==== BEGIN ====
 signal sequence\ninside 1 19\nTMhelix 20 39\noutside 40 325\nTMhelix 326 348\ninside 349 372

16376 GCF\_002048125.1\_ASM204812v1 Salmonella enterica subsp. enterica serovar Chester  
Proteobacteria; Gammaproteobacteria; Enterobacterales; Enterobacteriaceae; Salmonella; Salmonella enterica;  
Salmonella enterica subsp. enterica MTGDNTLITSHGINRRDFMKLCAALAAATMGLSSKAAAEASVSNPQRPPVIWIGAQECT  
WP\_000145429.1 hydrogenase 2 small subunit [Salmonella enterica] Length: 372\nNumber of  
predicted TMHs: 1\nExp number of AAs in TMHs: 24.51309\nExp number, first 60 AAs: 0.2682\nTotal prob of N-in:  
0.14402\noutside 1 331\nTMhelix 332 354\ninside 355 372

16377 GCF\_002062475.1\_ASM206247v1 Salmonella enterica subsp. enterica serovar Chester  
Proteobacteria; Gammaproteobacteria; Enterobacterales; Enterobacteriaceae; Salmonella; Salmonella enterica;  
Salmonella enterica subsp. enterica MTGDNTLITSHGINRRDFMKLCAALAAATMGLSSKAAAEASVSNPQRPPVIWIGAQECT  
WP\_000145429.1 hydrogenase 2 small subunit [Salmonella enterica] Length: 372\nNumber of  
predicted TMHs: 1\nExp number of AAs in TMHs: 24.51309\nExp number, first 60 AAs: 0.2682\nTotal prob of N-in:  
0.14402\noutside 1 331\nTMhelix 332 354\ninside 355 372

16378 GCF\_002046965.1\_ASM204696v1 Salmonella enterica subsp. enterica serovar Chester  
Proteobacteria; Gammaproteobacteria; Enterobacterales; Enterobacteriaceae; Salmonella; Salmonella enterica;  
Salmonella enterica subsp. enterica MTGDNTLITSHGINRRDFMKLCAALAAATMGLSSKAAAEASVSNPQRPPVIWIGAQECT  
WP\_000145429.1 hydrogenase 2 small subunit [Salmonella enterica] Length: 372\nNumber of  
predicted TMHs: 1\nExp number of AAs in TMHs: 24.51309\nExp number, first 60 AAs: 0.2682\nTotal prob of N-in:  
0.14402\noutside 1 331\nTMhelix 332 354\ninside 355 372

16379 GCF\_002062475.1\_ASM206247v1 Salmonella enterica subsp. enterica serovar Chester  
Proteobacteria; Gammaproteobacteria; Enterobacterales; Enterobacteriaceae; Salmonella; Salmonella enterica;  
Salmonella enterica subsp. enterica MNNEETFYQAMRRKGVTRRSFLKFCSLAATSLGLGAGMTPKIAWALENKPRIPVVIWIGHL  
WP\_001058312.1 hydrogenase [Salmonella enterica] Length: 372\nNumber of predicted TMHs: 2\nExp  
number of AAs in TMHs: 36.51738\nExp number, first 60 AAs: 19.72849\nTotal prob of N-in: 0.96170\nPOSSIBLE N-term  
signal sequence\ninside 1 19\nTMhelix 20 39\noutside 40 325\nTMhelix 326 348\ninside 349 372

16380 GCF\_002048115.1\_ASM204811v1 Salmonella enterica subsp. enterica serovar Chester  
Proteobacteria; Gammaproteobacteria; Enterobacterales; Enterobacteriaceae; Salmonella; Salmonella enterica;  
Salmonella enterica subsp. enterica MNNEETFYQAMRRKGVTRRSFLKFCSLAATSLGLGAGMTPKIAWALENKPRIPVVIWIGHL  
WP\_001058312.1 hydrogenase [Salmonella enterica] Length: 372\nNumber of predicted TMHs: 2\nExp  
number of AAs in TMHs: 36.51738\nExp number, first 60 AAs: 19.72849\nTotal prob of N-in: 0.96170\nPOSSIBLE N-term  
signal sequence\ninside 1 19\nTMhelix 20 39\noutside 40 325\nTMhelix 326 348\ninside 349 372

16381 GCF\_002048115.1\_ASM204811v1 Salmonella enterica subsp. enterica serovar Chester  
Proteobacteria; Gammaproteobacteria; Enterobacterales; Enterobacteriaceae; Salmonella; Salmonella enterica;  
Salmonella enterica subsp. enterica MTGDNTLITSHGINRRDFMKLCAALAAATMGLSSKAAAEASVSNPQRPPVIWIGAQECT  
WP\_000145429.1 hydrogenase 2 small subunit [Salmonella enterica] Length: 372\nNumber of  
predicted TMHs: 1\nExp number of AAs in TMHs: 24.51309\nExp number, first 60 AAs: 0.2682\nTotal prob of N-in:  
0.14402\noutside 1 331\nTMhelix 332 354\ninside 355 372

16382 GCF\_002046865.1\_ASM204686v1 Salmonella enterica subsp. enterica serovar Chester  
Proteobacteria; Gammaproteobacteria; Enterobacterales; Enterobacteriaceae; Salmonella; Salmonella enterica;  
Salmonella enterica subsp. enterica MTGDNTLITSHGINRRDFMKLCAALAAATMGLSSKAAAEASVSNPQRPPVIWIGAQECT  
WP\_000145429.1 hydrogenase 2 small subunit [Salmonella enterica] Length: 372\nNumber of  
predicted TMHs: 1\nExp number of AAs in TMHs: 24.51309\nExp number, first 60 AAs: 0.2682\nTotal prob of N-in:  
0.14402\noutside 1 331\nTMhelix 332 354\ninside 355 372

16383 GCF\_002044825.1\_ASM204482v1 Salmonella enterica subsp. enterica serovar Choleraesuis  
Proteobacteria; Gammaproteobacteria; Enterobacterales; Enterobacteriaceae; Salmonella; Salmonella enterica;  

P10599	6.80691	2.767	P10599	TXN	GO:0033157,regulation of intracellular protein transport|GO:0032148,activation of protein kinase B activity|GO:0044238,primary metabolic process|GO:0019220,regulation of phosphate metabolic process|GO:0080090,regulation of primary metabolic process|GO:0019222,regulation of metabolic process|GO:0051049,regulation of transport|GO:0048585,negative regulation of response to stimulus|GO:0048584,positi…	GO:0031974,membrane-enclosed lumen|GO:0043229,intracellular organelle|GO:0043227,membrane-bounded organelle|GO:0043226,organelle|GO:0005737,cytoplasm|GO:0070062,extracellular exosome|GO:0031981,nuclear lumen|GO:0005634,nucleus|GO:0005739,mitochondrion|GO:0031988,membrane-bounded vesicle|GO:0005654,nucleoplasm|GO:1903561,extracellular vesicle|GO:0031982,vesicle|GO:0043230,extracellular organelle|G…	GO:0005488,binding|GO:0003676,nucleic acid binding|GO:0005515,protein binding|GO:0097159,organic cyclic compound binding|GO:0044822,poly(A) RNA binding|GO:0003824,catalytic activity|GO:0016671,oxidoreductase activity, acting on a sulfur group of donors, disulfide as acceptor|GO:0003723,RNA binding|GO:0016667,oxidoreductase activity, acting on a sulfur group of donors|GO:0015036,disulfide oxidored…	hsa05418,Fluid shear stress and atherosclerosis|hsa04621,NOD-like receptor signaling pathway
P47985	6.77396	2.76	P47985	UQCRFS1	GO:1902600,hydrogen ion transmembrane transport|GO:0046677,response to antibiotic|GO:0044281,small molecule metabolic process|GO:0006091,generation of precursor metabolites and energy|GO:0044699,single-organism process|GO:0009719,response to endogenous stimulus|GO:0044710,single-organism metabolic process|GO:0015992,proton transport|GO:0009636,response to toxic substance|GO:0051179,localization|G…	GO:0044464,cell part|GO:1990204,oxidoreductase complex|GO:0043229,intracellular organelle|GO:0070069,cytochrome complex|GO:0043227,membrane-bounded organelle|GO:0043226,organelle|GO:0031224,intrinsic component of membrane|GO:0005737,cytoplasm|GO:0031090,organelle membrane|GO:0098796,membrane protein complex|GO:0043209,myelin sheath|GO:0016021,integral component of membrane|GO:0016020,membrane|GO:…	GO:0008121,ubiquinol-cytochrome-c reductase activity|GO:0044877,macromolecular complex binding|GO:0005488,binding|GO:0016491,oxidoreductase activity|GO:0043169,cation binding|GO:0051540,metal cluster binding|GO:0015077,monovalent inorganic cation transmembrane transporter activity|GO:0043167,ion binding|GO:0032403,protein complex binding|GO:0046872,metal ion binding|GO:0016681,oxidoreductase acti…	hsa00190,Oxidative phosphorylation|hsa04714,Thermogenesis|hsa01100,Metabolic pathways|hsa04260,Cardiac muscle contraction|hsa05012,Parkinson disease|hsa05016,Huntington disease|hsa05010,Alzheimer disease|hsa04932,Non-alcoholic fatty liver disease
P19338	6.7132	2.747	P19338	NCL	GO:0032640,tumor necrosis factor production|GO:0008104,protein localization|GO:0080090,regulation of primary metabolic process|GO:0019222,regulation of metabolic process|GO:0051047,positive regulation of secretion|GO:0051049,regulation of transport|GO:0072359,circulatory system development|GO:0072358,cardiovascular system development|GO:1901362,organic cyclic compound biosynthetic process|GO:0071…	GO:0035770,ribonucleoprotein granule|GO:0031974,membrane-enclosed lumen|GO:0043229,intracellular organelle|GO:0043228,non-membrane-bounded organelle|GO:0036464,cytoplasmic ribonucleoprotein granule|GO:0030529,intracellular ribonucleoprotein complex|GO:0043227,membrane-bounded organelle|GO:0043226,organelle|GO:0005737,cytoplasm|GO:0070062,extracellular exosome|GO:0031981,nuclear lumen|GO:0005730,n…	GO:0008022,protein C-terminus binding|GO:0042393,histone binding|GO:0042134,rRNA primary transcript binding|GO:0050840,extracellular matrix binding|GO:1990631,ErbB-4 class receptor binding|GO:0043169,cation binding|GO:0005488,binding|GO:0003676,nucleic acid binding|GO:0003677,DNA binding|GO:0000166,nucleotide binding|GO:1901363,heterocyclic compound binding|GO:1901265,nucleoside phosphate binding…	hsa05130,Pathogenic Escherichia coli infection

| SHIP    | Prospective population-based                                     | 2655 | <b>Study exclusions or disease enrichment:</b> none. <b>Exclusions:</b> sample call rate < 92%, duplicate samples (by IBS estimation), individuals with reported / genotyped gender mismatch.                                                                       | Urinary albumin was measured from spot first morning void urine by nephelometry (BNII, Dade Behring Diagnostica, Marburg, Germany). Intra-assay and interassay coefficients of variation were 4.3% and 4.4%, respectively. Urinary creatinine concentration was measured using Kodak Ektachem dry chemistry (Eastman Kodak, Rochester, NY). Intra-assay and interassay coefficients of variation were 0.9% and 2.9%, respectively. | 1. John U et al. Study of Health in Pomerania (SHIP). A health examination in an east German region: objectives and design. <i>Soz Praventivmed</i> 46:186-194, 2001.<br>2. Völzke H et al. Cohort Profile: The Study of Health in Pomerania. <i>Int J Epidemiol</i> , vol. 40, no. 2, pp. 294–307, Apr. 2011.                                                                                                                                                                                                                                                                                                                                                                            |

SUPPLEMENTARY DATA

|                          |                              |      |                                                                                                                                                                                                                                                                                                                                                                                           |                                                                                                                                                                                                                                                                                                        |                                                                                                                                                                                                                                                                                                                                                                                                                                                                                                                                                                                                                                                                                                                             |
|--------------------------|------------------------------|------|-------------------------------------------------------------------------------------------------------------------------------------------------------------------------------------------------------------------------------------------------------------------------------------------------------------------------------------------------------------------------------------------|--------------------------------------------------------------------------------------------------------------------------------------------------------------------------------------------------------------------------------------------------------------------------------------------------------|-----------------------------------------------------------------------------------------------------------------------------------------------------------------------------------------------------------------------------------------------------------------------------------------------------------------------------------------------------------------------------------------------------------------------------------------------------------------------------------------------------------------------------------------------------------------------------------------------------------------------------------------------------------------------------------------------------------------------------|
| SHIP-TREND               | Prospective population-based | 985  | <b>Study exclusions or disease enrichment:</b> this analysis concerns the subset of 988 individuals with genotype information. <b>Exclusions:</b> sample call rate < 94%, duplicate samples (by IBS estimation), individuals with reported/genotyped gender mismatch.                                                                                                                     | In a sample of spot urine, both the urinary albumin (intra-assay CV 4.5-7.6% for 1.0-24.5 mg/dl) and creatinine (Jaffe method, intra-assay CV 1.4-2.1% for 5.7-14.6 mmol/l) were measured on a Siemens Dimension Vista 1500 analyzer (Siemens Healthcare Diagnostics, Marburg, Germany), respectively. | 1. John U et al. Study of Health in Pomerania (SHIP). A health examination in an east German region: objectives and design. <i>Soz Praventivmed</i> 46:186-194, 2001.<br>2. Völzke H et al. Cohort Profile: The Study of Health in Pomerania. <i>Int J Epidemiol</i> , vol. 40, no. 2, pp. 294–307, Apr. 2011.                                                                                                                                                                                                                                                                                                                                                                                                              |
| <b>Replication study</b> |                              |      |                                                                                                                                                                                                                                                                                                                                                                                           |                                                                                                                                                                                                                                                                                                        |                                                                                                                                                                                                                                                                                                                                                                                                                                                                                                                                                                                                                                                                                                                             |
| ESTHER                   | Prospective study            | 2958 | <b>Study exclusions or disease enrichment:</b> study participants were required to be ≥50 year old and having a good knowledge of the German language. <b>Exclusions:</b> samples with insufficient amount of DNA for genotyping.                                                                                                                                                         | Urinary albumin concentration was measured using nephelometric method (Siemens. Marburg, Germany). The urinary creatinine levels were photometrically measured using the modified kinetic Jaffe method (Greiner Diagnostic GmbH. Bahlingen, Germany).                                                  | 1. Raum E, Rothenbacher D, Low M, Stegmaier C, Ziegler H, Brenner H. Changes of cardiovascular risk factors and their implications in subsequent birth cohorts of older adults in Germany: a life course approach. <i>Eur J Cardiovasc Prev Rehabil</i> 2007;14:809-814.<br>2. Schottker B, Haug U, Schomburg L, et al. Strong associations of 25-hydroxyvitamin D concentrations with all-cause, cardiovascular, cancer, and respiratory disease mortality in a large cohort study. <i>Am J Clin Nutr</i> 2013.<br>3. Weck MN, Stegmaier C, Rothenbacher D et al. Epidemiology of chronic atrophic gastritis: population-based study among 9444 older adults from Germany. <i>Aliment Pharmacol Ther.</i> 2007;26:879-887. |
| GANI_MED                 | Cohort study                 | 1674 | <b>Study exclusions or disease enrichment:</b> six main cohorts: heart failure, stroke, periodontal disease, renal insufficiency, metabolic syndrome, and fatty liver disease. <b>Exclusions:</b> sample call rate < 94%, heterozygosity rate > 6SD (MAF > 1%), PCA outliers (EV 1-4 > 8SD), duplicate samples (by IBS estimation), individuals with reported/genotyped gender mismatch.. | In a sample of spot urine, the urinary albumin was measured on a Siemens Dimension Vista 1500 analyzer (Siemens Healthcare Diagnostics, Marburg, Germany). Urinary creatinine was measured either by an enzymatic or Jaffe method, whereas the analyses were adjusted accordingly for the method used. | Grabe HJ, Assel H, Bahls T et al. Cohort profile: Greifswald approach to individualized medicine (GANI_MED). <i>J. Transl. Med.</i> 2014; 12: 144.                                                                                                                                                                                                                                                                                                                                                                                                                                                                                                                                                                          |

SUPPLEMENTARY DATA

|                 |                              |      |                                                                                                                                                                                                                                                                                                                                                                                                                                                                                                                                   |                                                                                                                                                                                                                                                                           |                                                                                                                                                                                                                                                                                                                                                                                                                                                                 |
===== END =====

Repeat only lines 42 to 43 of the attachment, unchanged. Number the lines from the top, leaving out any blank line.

predicted TMHs: 1\nExp number of AAs in TMHs: 24.51309\nExp number, first 60 AAs: 0.2682\nTotal prob of N-in:  
0.14402\noutside 1 331\nTMhelix 332 354\ninside 355 372